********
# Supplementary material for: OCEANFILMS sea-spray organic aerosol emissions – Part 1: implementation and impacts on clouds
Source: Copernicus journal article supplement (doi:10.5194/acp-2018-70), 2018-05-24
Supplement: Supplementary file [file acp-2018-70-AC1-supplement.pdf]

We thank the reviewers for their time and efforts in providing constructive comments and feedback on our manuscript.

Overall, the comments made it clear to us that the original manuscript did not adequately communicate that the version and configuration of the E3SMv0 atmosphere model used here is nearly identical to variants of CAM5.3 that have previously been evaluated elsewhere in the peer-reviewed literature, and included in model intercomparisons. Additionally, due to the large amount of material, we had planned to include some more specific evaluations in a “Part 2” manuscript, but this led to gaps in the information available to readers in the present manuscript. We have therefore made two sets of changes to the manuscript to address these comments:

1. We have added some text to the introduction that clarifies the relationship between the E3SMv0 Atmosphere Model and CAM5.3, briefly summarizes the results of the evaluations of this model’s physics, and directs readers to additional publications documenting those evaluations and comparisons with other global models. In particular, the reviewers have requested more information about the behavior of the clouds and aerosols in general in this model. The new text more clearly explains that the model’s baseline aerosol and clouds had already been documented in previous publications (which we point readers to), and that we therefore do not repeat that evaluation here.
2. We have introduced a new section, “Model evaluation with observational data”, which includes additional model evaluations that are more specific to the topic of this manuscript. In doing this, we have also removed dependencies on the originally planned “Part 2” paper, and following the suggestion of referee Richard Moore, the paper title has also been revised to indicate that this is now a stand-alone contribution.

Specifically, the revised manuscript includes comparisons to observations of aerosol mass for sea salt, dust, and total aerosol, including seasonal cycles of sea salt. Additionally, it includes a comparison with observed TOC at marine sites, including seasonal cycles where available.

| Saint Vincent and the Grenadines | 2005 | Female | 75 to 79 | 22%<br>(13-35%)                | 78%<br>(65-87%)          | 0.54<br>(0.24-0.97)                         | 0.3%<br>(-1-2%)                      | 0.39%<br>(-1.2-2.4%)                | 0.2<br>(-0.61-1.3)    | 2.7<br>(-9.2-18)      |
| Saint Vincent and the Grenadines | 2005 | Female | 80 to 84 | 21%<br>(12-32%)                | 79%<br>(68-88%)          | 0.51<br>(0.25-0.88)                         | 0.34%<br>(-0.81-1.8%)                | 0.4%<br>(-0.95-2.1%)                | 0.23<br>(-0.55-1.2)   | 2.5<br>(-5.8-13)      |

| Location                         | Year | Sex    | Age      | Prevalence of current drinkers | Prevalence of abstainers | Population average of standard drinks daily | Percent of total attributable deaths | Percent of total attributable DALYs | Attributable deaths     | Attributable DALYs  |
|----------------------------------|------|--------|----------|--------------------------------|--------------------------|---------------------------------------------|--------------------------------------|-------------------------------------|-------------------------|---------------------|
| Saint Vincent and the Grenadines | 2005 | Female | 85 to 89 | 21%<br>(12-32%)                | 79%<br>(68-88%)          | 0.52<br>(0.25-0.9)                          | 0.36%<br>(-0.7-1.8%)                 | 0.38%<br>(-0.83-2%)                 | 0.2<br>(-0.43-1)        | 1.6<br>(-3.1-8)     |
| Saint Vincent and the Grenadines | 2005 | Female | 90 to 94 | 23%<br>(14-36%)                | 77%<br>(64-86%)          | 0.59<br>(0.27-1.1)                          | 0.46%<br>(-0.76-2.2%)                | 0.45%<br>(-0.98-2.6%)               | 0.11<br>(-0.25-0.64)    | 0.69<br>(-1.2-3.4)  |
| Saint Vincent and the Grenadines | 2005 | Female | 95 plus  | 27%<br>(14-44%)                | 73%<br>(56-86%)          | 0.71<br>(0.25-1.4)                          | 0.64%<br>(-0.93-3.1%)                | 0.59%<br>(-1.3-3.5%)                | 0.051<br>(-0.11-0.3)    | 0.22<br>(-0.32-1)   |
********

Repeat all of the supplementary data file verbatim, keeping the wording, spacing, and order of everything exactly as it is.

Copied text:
# Supplementary material for: OCEANFILMS sea-spray organic aerosol emissions – Part 1: implementation and impacts on clouds
Source: Copernicus journal article supplement (doi:10.5194/acp-2018-70), 2018-05-24
Supplement: Supplementary file [file acp-2018-70-AC1-supplement.pdf]

We thank the reviewers for their time and efforts in providing constructive comments and feedback on our manuscript.

Overall, the comments made it clear to us that the original manuscript did not adequately communicate that the version and configuration of the E3SMv0 atmosphere model used here is nearly identical to variants of CAM5.3 that have previously been evaluated elsewhere in the peer-reviewed literature, and included in model intercomparisons. Additionally, due to the large amount of material, we had planned to include some more specific evaluations in a “Part 2” manuscript, but this led to gaps in the information available to readers in the present manuscript. We have therefore made two sets of changes to the manuscript to address these comments:

1. We have added some text to the introduction that clarifies the relationship between the E3SMv0 Atmosphere Model and CAM5.3, briefly summarizes the results of the evaluations of this model’s physics, and directs readers to additional publications documenting those evaluations and comparisons with other global models. In particular, the reviewers have requested more information about the behavior of the clouds and aerosols in general in this model. The new text more clearly explains that the model’s baseline aerosol and clouds had already been documented in previous publications (which we point readers to), and that we therefore do not repeat that evaluation here.
2. We have introduced a new section, “Model evaluation with observational data”, which includes additional model evaluations that are more specific to the topic of this manuscript. In doing this, we have also removed dependencies on the originally planned “Part 2” paper, and following the suggestion of referee Richard Moore, the paper title has also been revised to indicate that this is now a stand-alone contribution.

Specifically, the revised manuscript includes comparisons to observations of aerosol mass for sea salt, dust, and total aerosol, including seasonal cycles of sea salt. Additionally, it includes a comparison with observed TOC at marine sites, including seasonal cycles where available.

| Saint Vincent and the Grenadines | 2005 | Female | 75 to 79 | 22%<br>(13-35%)                | 78%<br>(65-87%)          | 0.54<br>(0.24-0.97)                         | 0.3%<br>(-1-2%)                      | 0.39%<br>(-1.2-2.4%)                | 0.2<br>(-0.61-1.3)    | 2.7<br>(-9.2-18)      |
| Saint Vincent and the Grenadines | 2005 | Female | 80 to 84 | 21%<br>(12-32%)                | 79%<br>(68-88%)          | 0.51<br>(0.25-0.88)                         | 0.34%<br>(-0.81-1.8%)                | 0.4%<br>(-0.95-2.1%)                | 0.23<br>(-0.55-1.2)   | 2.5<br>(-5.8-13)      |

| Location                         | Year | Sex    | Age      | Prevalence of current drinkers | Prevalence of abstainers | Population average of standard drinks daily | Percent of total attributable deaths | Percent of total attributable DALYs | Attributable deaths     | Attributable DALYs  |
|----------------------------------|------|--------|----------|--------------------------------|--------------------------|---------------------------------------------|--------------------------------------|-------------------------------------|-------------------------|---------------------|
| Saint Vincent and the Grenadines | 2005 | Female | 85 to 89 | 21%<br>(12-32%)                | 79%<br>(68-88%)          | 0.52<br>(0.25-0.9)                          | 0.36%<br>(-0.7-1.8%)                 | 0.38%<br>(-0.83-2%)                 | 0.2<br>(-0.43-1)        | 1.6<br>(-3.1-8)     |
| Saint Vincent and the Grenadines | 2005 | Female | 90 to 94 | 23%<br>(14-36%)                | 77%<br>(64-86%)          | 0.59<br>(0.27-1.1)                          | 0.46%<br>(-0.76-2.2%)                | 0.45%<br>(-0.98-2.6%)               | 0.11<br>(-0.25-0.64)    | 0.69<br>(-1.2-3.4)  |
| Saint Vincent and the Grenadines | 2005 | Female | 95 plus  | 27%<br>(14-44%)                | 73%<br>(56-86%)          | 0.71<br>(0.25-1.4)                          | 0.64%<br>(-0.93-3.1%)                | 0.59%<br>(-1.3-3.5%)                | 0.051<br>(-0.11-0.3)    | 0.22<br>(-0.32-1)   |